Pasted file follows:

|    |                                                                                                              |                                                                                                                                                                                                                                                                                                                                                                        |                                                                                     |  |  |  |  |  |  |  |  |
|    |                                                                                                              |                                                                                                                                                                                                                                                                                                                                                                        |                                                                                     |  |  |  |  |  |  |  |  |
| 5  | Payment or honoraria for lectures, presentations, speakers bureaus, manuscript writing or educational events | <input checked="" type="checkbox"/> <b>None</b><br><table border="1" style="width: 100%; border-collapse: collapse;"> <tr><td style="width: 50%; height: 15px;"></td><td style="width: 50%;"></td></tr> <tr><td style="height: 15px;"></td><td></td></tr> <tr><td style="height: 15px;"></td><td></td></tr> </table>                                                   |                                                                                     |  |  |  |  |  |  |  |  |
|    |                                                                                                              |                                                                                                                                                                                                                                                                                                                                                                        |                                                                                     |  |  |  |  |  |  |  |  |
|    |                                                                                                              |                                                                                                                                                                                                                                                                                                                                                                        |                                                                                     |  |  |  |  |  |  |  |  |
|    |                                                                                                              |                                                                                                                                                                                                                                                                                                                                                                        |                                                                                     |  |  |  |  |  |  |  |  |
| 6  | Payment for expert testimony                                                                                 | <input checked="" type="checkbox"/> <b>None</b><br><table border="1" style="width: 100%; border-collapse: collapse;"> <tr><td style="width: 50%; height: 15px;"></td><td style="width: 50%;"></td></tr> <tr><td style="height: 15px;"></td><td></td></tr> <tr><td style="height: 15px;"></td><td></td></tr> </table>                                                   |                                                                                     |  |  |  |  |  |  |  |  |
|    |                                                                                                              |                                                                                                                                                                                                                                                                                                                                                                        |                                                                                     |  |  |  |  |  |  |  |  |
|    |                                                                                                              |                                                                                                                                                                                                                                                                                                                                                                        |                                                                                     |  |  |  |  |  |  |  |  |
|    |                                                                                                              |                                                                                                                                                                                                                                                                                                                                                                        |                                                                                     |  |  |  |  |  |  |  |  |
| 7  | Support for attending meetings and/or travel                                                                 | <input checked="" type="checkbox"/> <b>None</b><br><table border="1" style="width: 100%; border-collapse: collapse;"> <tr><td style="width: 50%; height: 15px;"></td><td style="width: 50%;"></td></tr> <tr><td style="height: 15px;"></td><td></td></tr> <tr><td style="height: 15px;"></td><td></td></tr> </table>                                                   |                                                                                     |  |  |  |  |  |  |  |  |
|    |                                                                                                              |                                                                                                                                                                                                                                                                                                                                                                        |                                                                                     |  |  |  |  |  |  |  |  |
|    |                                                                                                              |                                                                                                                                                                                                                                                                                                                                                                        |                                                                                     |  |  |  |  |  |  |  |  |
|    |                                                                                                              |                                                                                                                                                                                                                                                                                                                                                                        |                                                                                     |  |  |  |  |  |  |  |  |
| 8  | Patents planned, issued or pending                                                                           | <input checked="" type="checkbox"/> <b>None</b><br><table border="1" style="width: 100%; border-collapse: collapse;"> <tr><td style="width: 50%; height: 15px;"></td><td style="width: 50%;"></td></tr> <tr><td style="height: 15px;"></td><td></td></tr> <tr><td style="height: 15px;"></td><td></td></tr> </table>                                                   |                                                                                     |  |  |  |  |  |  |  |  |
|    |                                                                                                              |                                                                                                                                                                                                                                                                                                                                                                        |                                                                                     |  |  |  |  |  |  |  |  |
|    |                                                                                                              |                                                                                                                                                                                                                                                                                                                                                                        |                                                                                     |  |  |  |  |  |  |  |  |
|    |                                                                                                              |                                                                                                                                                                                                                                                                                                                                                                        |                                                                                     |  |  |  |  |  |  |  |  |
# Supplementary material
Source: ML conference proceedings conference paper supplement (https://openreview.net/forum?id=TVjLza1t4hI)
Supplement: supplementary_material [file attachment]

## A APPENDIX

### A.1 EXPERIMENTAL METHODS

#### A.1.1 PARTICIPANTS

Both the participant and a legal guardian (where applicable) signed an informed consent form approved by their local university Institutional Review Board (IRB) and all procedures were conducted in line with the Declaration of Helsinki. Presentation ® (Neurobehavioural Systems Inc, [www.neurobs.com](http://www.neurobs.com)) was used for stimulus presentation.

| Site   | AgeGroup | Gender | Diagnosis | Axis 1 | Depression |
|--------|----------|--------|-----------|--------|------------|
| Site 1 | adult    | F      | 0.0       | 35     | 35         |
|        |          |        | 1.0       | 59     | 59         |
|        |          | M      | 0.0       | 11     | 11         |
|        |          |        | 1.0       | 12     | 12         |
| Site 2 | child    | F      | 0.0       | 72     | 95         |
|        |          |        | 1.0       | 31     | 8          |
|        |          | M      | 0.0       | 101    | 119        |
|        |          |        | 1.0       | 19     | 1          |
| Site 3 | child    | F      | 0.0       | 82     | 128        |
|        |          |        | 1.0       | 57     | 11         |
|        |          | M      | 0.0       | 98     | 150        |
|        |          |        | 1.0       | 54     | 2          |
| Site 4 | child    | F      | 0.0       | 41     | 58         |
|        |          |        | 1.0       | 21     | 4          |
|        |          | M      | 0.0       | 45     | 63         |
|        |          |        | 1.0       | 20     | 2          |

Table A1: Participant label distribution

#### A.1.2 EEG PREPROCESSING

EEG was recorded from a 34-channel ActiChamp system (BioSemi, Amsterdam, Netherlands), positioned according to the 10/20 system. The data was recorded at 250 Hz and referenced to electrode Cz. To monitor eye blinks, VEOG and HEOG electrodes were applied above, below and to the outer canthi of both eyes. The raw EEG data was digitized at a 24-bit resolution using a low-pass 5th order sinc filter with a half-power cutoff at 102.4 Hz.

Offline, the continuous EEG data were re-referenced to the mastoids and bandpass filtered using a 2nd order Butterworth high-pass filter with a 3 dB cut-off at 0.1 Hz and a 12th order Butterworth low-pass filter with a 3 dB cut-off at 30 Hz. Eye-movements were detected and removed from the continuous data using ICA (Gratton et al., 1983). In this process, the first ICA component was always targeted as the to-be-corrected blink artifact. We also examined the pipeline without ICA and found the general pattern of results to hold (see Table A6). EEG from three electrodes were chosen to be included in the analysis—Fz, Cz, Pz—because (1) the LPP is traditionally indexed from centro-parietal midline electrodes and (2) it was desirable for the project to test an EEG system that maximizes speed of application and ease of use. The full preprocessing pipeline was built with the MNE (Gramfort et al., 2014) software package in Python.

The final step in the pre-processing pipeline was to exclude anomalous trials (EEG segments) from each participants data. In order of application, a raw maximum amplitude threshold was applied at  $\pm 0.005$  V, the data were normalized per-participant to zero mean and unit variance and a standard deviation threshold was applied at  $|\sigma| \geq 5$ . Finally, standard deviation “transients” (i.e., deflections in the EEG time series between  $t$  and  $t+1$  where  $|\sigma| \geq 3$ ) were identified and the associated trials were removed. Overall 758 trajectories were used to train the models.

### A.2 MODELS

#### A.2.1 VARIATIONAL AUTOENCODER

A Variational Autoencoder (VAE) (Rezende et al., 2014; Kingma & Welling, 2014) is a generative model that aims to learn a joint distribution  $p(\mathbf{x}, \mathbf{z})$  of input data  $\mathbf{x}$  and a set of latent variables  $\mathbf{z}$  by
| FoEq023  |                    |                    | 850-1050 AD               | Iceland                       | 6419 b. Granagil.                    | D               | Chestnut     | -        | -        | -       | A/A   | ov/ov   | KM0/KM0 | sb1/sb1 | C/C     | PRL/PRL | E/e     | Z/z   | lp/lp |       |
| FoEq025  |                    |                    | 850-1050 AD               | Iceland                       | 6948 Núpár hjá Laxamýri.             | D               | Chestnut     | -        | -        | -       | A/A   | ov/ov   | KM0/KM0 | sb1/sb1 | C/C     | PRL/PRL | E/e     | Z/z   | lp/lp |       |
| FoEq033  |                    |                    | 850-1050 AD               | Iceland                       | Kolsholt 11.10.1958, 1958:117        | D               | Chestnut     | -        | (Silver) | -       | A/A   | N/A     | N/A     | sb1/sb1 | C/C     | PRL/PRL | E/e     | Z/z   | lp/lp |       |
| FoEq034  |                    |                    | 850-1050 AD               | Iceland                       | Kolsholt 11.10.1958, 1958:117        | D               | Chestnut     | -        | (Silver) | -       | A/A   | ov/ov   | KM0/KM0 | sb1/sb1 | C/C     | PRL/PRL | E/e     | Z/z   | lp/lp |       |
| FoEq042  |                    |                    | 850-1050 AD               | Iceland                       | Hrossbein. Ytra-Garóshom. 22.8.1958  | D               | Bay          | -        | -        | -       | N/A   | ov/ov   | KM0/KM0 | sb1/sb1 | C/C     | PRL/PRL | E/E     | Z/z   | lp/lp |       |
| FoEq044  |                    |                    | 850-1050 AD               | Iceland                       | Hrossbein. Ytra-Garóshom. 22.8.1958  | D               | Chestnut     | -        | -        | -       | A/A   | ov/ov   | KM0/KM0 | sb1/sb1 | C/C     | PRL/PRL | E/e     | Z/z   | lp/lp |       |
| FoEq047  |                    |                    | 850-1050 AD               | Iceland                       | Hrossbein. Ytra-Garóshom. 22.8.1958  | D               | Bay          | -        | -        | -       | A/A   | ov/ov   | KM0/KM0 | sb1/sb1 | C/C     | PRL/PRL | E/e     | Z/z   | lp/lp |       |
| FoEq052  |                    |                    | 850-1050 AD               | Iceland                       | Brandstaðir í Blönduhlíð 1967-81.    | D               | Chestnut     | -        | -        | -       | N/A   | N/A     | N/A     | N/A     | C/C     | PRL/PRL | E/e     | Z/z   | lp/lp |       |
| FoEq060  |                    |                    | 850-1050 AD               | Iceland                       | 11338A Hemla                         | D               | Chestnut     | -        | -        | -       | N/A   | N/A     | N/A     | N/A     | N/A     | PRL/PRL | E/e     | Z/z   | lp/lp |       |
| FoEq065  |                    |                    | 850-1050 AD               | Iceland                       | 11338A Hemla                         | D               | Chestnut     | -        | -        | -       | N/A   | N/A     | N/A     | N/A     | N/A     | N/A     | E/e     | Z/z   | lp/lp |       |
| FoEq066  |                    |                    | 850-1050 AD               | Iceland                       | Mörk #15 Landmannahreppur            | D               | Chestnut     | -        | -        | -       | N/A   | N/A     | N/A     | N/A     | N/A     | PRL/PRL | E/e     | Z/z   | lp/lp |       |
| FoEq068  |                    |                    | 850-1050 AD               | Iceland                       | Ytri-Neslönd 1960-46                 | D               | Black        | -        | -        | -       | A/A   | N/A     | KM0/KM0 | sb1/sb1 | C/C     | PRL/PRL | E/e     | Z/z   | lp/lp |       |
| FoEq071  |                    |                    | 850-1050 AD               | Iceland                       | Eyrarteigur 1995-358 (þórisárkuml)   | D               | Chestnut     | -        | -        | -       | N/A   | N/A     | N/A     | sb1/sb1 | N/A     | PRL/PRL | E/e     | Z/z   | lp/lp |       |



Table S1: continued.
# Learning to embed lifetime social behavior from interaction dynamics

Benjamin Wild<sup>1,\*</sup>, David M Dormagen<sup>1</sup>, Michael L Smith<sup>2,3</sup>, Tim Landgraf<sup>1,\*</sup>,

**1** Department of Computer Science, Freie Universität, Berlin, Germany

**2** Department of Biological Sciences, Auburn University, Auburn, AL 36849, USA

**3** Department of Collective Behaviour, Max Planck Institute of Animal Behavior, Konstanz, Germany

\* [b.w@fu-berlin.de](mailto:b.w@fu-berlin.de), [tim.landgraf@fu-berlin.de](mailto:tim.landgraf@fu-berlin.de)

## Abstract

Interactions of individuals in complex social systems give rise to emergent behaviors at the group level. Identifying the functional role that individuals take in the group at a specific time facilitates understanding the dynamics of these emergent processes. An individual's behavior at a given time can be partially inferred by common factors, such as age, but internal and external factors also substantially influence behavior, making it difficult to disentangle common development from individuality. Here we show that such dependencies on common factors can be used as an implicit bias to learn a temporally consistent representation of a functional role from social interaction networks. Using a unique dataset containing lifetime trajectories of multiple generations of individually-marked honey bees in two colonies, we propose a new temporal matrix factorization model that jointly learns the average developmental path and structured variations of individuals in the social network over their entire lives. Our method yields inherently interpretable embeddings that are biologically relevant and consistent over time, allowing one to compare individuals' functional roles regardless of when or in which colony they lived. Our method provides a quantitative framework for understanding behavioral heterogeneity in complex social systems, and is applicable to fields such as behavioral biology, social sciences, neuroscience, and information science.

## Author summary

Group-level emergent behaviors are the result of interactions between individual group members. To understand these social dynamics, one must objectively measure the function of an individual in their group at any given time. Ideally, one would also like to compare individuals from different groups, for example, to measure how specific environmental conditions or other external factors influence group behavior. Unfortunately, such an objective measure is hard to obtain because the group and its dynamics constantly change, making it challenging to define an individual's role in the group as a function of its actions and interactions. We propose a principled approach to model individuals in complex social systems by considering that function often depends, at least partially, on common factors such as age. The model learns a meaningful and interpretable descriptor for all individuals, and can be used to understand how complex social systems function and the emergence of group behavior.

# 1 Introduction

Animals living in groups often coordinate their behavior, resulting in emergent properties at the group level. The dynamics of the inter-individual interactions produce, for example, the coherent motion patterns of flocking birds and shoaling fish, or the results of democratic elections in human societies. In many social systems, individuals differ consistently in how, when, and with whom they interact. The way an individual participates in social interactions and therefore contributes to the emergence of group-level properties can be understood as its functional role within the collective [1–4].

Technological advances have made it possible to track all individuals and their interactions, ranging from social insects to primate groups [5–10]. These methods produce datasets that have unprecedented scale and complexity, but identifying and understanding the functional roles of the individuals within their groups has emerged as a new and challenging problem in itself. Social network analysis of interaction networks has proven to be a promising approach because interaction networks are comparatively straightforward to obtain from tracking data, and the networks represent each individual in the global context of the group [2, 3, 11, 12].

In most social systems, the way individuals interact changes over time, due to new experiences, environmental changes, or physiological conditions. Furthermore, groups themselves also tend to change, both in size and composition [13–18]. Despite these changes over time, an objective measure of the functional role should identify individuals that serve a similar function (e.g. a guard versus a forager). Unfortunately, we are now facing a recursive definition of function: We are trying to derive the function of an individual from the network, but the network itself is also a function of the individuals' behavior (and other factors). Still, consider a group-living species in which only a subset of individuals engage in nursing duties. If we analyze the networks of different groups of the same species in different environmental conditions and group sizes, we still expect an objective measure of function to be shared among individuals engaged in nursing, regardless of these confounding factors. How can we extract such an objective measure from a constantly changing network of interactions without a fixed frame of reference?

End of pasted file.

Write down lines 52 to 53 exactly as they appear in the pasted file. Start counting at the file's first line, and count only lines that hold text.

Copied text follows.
| FoEq023  |                    |                    | 850-1050 AD               | Iceland                       | 6419 b. Granagil.                    | D               | Chestnut     | -        | -        | -       | A/A   | ov/ov   | KM0/KM0 | sb1/sb1 | C/C     | PRL/PRL | E/e     | Z/z   | lp/lp |       |
| FoEq025  |                    |                    | 850-1050 AD               | Iceland                       | 6948 Núpár hjá Laxamýri.             | D               | Chestnut     | -        | -        | -       | A/A   | ov/ov   | KM0/KM0 | sb1/sb1 | C/C     | PRL/PRL | E/e     | Z/z   | lp/lp |       |